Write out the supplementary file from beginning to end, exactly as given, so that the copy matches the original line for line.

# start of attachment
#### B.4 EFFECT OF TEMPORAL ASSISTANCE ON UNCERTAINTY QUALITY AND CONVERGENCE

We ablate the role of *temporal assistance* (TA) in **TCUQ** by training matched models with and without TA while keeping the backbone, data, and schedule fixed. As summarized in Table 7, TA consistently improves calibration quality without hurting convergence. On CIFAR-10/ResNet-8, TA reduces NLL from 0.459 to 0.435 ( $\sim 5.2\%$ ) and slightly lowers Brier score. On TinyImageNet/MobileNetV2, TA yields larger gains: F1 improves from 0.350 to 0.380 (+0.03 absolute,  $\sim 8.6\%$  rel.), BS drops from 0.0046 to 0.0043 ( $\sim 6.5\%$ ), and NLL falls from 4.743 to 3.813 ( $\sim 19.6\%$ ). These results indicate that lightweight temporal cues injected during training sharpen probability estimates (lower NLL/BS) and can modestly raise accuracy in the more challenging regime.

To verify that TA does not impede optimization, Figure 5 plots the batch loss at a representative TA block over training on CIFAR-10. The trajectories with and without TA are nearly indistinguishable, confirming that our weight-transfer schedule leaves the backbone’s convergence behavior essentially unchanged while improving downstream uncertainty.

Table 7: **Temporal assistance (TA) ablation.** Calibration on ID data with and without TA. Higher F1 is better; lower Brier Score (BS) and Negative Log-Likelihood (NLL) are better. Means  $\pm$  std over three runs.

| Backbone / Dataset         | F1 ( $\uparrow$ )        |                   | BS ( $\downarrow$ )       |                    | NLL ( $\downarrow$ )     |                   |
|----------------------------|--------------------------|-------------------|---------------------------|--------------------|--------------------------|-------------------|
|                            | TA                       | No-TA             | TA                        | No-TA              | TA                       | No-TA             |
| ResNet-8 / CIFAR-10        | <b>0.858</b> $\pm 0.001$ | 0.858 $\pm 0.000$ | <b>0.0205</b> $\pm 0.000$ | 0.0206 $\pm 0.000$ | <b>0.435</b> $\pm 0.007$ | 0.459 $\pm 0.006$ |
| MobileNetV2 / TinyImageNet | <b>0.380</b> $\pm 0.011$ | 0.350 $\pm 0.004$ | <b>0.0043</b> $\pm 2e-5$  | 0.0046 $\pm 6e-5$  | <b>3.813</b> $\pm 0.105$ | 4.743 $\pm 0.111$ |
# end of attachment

#### B.4 EFFECT OF TEMPORAL ASSISTANCE ON UNCERTAINTY QUALITY AND CONVERGENCE

We ablate the role of *temporal assistance* (TA) in **TCUQ** by training matched models with and without TA while keeping the backbone, data, and schedule fixed. As summarized in Table 7, TA consistently improves calibration quality without hurting convergence. On CIFAR-10/ResNet-8, TA reduces NLL from 0.459 to 0.435 ( $\sim 5.2\%$ ) and slightly lowers Brier score. On TinyImageNet/MobileNetV2, TA yields larger gains: F1 improves from 0.350 to 0.380 (+0.03 absolute,  $\sim 8.6\%$  rel.), BS drops from 0.0046 to 0.0043 ( $\sim 6.5\%$ ), and NLL falls from 4.743 to 3.813 ( $\sim 19.6\%$ ). These results indicate that lightweight temporal cues injected during training sharpen probability estimates (lower NLL/BS) and can modestly raise accuracy in the more challenging regime.

To verify that TA does not impede optimization, Figure 5 plots the batch loss at a representative TA block over training on CIFAR-10. The trajectories with and without TA are nearly indistinguishable, confirming that our weight-transfer schedule leaves the backbone’s convergence behavior essentially unchanged while improving downstream uncertainty.

Table 7: **Temporal assistance (TA) ablation.** Calibration on ID data with and without TA. Higher F1 is better; lower Brier Score (BS) and Negative Log-Likelihood (NLL) are better. Means  $\pm$  std over three runs.

| Backbone / Dataset         | F1 ( $\uparrow$ )        |                   | BS ( $\downarrow$ )       |                    | NLL ( $\downarrow$ )     |                   |
|----------------------------|--------------------------|-------------------|---------------------------|--------------------|--------------------------|-------------------|
|                            | TA                       | No-TA             | TA                        | No-TA              | TA                       | No-TA             |
| ResNet-8 / CIFAR-10        | <b>0.858</b> $\pm 0.001$ | 0.858 $\pm 0.000$ | <b>0.0205</b> $\pm 0.000$ | 0.0206 $\pm 0.000$ | <b>0.435</b> $\pm 0.007$ | 0.459 $\pm 0.006$ |
| MobileNetV2 / TinyImageNet | <b>0.380</b> $\pm 0.011$ | 0.350 $\pm 0.004$ | <b>0.0043</b> $\pm 2e-5$  | 0.0046 $\pm 6e-5$  | <b>3.813</b> $\pm 0.105$ | 4.743 $\pm 0.111$ |